What have the animals done for us? More than you might realise! Join your host, Olga, as she uncovers the history of animals... and us.
Chimpanzees are our closest relatives. That doesn’t mean we’ve made their lives are easy. Far from it.
According to our friends who monitor the species as part of the IUCN Red List, the Chimpanzee (or “pan troglodytes”) is an endangered species.
While the global human population is now 7.6 billion, the global chimpanzee population is less than a million.
What you might also not know is that there are actually many subspecies of the chimpanzee… and some of those sub-species are down to their last few hundred individuals.
Now, in this episode, we’re not going to talk much about the details of chimpanzee numbers in the wild. But it’s important to know that even though there are many, many efforts to counter the loss, it looks like their population is still declining. Unsurprisingly, that decline is because of human activity: poaching, loss of habitat as jungles get turned into agricultural land and infectious diseases (like the virus ebola which chimpanzees do get, just like humans). It’s actually thought that ebola alone has wiped out about a third of the chimpanzees population since the 1990s.
That backdrop means this episode coming up makes for some uncomfortable, but really important listening. For me, what I feel now that I’ve gotten to know more about chimpanzees in today’s world, is just how unfortunate they are to be so much like us. It’s our fascination and our exploitation of their likeness to us that has landed chimpanzees in some, frankly, bizarre situations. Some of which verge on science fiction.
Now, even ancient tribes used to take chimpanzees from the wild and keep them. But in the 20th century the trade in these animals has been on another scale. Many have been captured and trafficked out of Africa and ended up as circus entertainers and pets. Some (thousands of them, in fact) became laboratory animals who were infected with things like HIV, just as an example, for research purposes.
Thankfully, for some of these chimpanzees, there were happier times after they were rescued.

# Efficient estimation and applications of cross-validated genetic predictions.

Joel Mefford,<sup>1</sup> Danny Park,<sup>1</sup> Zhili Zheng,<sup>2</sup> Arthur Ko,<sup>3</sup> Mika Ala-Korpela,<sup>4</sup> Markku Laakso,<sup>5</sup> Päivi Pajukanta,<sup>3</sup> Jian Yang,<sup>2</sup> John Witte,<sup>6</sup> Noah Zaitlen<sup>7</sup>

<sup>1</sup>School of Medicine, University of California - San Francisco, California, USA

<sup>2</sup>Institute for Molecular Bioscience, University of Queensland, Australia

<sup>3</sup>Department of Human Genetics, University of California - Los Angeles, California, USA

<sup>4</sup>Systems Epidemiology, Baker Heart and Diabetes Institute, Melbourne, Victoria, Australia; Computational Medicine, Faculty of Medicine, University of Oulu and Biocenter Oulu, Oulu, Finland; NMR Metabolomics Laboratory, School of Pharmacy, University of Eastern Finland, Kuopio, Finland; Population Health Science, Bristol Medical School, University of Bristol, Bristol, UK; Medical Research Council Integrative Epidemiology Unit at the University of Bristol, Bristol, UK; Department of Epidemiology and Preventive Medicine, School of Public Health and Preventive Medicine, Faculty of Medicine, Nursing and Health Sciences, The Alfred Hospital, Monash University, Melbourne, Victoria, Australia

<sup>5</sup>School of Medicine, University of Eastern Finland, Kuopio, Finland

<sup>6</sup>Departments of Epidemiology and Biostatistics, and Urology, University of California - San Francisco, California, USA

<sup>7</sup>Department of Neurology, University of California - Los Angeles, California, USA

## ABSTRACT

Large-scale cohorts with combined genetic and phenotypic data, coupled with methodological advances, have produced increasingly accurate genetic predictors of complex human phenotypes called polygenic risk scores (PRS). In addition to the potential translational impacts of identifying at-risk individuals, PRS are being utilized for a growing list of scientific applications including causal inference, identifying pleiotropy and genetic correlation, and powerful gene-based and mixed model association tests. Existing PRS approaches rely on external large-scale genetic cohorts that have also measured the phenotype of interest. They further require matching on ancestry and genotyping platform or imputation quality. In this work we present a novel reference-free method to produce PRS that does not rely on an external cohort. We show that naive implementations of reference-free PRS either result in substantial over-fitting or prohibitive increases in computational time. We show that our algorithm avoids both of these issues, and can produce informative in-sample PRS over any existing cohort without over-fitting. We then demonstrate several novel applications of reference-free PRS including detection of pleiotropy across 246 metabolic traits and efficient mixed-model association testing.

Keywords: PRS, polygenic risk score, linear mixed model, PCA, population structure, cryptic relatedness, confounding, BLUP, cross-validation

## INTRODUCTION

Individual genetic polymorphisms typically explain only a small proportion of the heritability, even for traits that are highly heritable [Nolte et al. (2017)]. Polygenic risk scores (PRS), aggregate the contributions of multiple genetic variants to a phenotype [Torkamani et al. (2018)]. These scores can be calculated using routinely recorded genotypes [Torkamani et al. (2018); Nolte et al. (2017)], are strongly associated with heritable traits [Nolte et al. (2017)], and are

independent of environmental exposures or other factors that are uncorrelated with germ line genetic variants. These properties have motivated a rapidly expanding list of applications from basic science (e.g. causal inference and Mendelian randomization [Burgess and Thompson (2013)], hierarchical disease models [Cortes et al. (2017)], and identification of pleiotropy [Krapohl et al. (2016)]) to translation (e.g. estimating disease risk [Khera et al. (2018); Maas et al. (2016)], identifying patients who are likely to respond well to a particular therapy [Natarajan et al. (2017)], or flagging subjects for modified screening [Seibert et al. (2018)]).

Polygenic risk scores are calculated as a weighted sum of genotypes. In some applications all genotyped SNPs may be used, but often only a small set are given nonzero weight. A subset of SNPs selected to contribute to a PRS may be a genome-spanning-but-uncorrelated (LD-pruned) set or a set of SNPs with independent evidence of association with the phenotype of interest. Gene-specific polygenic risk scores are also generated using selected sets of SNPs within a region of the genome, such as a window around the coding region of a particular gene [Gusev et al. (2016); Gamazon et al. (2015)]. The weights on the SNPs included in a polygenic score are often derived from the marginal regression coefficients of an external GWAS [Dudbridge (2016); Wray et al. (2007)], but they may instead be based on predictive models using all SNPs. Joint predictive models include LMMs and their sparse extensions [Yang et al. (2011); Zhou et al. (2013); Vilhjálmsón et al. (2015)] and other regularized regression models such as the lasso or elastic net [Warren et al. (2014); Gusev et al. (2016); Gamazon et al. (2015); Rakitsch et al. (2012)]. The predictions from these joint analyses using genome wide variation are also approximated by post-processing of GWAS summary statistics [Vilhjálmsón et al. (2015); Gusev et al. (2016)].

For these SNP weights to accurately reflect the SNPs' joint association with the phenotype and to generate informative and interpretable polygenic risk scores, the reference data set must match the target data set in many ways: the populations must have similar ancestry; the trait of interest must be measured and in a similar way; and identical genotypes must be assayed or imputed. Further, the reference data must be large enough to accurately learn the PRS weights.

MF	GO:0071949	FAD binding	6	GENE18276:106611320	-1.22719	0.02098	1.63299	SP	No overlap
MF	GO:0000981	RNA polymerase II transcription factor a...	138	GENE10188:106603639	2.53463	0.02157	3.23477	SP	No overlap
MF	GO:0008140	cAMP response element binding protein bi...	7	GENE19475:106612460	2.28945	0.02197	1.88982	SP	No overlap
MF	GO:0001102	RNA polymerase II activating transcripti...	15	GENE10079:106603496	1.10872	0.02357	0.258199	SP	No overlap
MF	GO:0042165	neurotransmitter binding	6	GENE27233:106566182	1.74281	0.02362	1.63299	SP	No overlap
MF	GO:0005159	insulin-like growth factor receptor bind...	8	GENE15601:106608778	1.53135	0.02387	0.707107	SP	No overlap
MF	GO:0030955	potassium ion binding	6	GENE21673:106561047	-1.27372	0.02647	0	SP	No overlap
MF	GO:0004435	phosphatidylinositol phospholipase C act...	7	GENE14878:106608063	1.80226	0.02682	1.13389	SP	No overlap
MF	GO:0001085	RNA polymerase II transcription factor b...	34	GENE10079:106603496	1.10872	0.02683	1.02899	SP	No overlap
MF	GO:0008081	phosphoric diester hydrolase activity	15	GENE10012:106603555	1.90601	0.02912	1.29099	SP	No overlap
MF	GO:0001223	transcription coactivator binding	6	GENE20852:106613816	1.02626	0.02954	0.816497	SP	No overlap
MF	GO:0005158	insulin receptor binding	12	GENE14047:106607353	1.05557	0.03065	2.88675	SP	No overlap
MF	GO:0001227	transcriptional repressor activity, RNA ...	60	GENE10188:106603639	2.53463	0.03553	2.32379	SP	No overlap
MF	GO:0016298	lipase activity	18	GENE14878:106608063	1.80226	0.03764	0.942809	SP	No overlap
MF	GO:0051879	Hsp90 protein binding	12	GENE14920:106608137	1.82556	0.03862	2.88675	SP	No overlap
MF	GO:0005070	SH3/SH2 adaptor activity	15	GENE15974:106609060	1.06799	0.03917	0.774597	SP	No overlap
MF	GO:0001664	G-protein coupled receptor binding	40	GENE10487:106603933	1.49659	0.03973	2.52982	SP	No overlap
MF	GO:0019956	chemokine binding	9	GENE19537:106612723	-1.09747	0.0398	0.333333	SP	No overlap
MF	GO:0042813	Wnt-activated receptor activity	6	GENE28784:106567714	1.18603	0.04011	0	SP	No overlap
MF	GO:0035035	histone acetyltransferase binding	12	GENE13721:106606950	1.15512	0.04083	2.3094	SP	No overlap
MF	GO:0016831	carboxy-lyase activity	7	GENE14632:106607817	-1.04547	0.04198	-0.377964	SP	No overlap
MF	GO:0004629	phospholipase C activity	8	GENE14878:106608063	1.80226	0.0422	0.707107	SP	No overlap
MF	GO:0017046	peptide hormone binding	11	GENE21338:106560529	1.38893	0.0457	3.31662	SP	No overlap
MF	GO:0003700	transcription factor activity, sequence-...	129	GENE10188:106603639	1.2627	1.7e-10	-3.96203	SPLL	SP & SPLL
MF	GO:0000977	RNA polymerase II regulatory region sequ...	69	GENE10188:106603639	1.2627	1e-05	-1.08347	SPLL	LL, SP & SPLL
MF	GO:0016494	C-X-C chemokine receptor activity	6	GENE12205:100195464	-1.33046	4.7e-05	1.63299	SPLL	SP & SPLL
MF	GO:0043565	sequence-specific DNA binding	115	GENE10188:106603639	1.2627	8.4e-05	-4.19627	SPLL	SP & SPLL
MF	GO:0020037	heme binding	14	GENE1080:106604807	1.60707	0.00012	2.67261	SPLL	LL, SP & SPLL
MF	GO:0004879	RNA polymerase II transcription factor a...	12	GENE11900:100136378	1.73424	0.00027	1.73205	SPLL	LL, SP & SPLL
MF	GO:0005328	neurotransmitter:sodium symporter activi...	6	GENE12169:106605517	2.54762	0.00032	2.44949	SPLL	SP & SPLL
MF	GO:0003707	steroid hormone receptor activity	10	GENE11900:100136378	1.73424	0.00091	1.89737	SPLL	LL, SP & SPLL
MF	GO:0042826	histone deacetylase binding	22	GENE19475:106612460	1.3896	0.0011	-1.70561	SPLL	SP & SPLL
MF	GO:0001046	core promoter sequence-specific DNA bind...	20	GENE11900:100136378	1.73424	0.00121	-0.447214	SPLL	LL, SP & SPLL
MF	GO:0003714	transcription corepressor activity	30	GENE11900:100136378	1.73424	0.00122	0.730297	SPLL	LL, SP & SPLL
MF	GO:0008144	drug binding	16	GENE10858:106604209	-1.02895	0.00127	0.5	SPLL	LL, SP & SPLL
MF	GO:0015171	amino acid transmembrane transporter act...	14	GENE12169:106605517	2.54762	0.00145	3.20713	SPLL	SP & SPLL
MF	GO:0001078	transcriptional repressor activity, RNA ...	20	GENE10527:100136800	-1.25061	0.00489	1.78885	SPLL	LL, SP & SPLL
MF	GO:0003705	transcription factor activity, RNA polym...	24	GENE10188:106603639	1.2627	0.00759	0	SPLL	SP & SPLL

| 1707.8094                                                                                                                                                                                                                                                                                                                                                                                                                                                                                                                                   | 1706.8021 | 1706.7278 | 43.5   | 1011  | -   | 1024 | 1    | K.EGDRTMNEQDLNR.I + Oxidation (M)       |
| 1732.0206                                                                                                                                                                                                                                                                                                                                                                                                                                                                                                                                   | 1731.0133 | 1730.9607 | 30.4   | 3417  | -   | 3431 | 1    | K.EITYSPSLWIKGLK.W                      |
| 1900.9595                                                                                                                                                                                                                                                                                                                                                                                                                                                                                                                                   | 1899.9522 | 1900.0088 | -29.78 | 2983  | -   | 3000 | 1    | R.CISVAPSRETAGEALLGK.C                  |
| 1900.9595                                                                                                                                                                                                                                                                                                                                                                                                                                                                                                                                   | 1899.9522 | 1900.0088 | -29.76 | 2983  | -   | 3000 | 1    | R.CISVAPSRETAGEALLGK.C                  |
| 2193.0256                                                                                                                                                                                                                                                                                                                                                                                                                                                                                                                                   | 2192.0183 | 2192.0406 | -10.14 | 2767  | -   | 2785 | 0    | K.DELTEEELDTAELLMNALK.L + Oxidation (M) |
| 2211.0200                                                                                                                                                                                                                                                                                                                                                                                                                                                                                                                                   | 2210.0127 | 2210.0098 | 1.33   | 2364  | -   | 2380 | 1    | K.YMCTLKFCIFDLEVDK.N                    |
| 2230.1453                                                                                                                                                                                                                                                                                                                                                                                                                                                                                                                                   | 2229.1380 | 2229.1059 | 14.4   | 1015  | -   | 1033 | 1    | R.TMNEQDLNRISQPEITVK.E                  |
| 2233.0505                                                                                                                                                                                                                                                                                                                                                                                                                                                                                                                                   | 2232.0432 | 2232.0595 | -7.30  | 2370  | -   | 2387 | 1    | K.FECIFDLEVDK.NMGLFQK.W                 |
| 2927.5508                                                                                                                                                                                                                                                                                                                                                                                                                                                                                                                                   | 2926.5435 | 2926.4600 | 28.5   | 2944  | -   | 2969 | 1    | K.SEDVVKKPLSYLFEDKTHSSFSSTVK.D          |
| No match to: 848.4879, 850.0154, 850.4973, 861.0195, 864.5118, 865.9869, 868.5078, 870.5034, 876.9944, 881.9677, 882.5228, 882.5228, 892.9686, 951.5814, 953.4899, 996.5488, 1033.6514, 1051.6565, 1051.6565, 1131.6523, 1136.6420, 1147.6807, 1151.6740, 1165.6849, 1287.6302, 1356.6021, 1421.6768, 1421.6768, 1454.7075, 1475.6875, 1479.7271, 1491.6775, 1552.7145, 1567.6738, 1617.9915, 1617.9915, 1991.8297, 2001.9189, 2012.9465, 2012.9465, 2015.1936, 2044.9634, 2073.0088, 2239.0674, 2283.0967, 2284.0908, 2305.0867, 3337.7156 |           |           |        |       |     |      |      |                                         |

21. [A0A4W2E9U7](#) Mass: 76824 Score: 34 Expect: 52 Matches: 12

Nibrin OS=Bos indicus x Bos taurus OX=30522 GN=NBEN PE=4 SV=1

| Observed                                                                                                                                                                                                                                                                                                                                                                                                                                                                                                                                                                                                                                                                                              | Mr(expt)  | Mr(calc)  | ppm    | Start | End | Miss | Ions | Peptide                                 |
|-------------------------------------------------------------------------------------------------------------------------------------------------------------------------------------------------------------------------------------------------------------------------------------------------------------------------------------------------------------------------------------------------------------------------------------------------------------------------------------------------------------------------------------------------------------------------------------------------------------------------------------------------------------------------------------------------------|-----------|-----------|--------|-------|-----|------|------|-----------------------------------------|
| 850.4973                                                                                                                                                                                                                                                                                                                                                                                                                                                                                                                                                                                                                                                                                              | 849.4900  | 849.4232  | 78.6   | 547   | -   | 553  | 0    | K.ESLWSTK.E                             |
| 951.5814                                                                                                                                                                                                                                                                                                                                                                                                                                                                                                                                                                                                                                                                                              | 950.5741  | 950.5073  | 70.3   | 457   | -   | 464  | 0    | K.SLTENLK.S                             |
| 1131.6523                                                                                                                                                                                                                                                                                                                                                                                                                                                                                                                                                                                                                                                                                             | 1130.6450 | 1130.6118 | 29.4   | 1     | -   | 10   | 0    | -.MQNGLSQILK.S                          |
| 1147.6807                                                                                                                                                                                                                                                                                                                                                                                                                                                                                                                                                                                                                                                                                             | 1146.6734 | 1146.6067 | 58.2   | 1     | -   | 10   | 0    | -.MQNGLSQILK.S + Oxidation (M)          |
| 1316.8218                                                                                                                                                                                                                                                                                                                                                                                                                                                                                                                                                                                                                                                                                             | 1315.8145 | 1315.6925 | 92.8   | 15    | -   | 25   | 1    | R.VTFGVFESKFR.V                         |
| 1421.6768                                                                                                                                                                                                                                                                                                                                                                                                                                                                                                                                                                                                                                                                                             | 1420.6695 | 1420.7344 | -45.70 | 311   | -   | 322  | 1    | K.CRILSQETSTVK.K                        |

Here we see David van Gennep reaching out to a chimpanzee called Linda. Until then she had spent 30 years alone in a barred shed. This outreached hand rom David might have been one of the first acts of kindness that Linda had ever witnessed.
In this episode I speak with David van Gennep, the Executive Director of Stitchting AAP, to find out more about these Chimpanzees’ stories and what happened to them next.
David van Gennep kitted out in his AAP gear.
AAP is a rescue and rehabilitation organisation which has two centres: one in the Netherlands and another in Spain. Aside from working directly with chimpanzees and other “exotic” animals, the team at AAP also gets involved in influencing changes in public policy. They’ve been instrumental in getting a ban on the “use” of chimpanzees in laboratories in the Netherland (this ban has since been adopted by some other countries). And, right now, they’re campaigning to get the EU to implement a European ban on wild animal in circuses.
If you live in the European Union, please do consider reading and signing the petition that would go some way in proving that public opinion is against the use of wild animals in zoos:
Now, back to the interview. It’s fair to say that David is quite exceptional. He’s one of the most positive and, let’s say, entrepreneurial people I’ve met in the field of animal welfare and conservation. Imagine staying an optimist when you have spent your career seeing things like:
Chimpanzees locked up behind bars in pharmaceuticals laboratories who know exactly what is going to happen the next time a person in a white coat enters their space,
Lions, tigers and great apes in sorry states after “working” as entertainers in circuses,
All kinds of exotic animals that have been living in filthy cages in people’s homes, out the back of restaurants or in run-down zoos.
To paint a picture about the kind of things
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